The costs associated with these checks are £26 for a standard check, and £44 for both and enhanced check and a barred list check.

Usually it is the employer who pays for these costs.  In addition you can pay an annual fee of £13 which will assist those who regularly switch jobs for example working as bank staff in a series of care homes.   This saves them time and money in having to pay for DBS checks every time they work for a new employer or are placed by an agency and can be used multiple times.

DBS certificates are issued to individual employees (even though the application may have been made by the employer) and who are able to challenge any incorrect information and spent convictions that may have been disclosed.

The time frame for completing DBS checks is generally between four and eight weeks.  It is also quite common however,  for some checks to take a lot longer to process especially if the person being checked has moved around a lot.   It is always better to use the services of a trusted DBS outfit who can hopefully speed up the process.

There are 5 stages to a DBS check set out as follow|:-

  1. The DBS application form is received by the DBS Authority
  2. There then follows a search of the Police National Computer
  3. Then there is a search of the DBS Children, DBS adults and List 99 in applicable applications
  4. A search is then conducted by the local police force
  5. The certificate is then printed and issued.

Imminent changes

The Disclosure and Barring Service has announced that the filtering rules for Standard and Enhanced checks are changing from 28th November 2020.  This follows a Supreme Court ruling earlier this year that decided that the existing DBS  rules were disproportionate and did not afford certain individuals the opportunity to rehabilitate. These changes are also designed to ensure that minor discretions do not continue to have a disproportionate effect on the working lives of those who are effected by them. (R (P& Others) v Secretary of State of the Home Department & Another)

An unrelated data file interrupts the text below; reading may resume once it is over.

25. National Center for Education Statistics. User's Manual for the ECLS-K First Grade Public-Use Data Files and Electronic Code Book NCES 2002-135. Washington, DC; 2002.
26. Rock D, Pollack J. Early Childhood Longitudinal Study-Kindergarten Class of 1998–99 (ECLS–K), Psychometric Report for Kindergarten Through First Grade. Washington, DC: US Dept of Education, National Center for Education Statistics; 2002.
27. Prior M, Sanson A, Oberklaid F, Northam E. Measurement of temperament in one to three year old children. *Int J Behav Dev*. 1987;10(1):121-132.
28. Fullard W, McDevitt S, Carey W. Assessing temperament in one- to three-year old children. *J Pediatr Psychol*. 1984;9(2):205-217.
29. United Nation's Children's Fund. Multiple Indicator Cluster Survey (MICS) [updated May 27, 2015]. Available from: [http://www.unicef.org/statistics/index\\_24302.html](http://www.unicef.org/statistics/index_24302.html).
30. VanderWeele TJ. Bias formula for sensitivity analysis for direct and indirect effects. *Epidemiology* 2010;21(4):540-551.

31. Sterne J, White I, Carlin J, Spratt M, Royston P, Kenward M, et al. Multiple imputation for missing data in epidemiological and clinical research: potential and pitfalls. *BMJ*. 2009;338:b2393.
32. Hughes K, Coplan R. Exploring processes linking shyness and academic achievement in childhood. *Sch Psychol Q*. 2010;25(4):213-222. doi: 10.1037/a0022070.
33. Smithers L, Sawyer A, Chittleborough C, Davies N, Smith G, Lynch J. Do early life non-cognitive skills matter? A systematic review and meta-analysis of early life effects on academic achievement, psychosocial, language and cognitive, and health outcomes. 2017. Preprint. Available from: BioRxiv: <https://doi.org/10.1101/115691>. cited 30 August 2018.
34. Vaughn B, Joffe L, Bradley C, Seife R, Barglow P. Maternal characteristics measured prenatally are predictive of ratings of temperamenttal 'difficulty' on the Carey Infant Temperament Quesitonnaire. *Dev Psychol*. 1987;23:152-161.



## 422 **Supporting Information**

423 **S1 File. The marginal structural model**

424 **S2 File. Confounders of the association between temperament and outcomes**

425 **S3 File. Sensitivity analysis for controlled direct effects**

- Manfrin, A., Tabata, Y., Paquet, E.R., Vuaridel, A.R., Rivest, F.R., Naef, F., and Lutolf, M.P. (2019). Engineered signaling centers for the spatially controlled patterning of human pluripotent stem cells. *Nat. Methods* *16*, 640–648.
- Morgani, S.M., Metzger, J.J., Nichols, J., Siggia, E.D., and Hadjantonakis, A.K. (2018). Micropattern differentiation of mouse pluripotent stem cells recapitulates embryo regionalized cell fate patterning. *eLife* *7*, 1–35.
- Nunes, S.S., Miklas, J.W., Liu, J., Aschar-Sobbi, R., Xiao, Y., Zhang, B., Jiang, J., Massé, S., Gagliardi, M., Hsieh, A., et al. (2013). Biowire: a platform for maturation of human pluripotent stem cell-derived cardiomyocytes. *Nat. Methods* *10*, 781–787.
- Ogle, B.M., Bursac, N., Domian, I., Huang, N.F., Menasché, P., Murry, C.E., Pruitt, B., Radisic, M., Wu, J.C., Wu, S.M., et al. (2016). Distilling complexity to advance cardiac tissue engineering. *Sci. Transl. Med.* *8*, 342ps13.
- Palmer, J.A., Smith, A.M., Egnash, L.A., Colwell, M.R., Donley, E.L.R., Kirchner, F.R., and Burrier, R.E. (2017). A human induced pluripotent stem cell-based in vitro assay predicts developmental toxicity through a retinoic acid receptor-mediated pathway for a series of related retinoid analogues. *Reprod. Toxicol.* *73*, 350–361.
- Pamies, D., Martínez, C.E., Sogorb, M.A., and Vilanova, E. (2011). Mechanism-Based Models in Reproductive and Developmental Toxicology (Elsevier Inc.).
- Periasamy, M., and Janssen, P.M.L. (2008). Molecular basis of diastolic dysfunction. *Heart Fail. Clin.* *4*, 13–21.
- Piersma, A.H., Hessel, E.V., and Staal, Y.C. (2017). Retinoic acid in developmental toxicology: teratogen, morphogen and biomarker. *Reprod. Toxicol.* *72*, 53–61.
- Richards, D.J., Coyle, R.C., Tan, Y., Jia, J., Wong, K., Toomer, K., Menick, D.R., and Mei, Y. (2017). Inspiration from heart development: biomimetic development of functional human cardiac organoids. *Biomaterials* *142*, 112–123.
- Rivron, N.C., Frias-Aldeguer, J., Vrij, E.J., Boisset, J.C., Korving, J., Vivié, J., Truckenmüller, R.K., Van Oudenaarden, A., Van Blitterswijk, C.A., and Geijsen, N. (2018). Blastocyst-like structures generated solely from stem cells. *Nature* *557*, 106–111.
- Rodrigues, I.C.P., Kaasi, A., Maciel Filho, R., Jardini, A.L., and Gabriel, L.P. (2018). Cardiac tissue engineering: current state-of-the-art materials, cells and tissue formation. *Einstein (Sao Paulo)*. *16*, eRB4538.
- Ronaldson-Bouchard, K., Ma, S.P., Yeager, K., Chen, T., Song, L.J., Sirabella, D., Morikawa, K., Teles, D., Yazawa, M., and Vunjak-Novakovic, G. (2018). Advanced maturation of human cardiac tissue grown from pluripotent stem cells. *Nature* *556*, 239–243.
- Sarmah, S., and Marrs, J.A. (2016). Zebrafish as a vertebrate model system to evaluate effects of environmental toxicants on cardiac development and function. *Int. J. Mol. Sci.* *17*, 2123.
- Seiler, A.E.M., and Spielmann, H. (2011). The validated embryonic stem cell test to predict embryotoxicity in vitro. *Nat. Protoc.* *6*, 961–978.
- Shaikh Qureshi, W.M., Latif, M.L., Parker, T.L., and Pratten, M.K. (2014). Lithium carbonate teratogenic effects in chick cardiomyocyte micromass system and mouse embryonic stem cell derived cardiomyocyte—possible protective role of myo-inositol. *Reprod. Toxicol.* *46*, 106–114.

The main changes that are being implemented are that the DBS will no longer disclose youth reprimands, youth warnings or youth cautions.  The multiple convictions rule will also be removed meaning that convictions will also no longer be automatically disclosed where an individual has more than one conviction.  This means that each conviction will be considered against the remaining rules individually as opposed to being automatically being disclosed on the certificate.

It is recommended that employers update their current recruitment practices and policies to reflect these changes. It is also recommended that the following statement should be set out in standard job application forms. ‘The amendments to the Rehabilitation of Offenders Act 1974(Exceptions) Order 1975 (2013 and 2020) provides that when applying for certain jobs and activities, certain convictions and cautions are considered ‘protected’.  This means that they do not need to be disclosed to employers, and if they are disclosed, employers cannot take them into account.’

If you have any concerns about the DBS system and the processes that are involved then contact Steven Eckett, Partner and Head of Employment at Meaby & Co LLP  020 7703 5034 or seckett@meaby.co.uk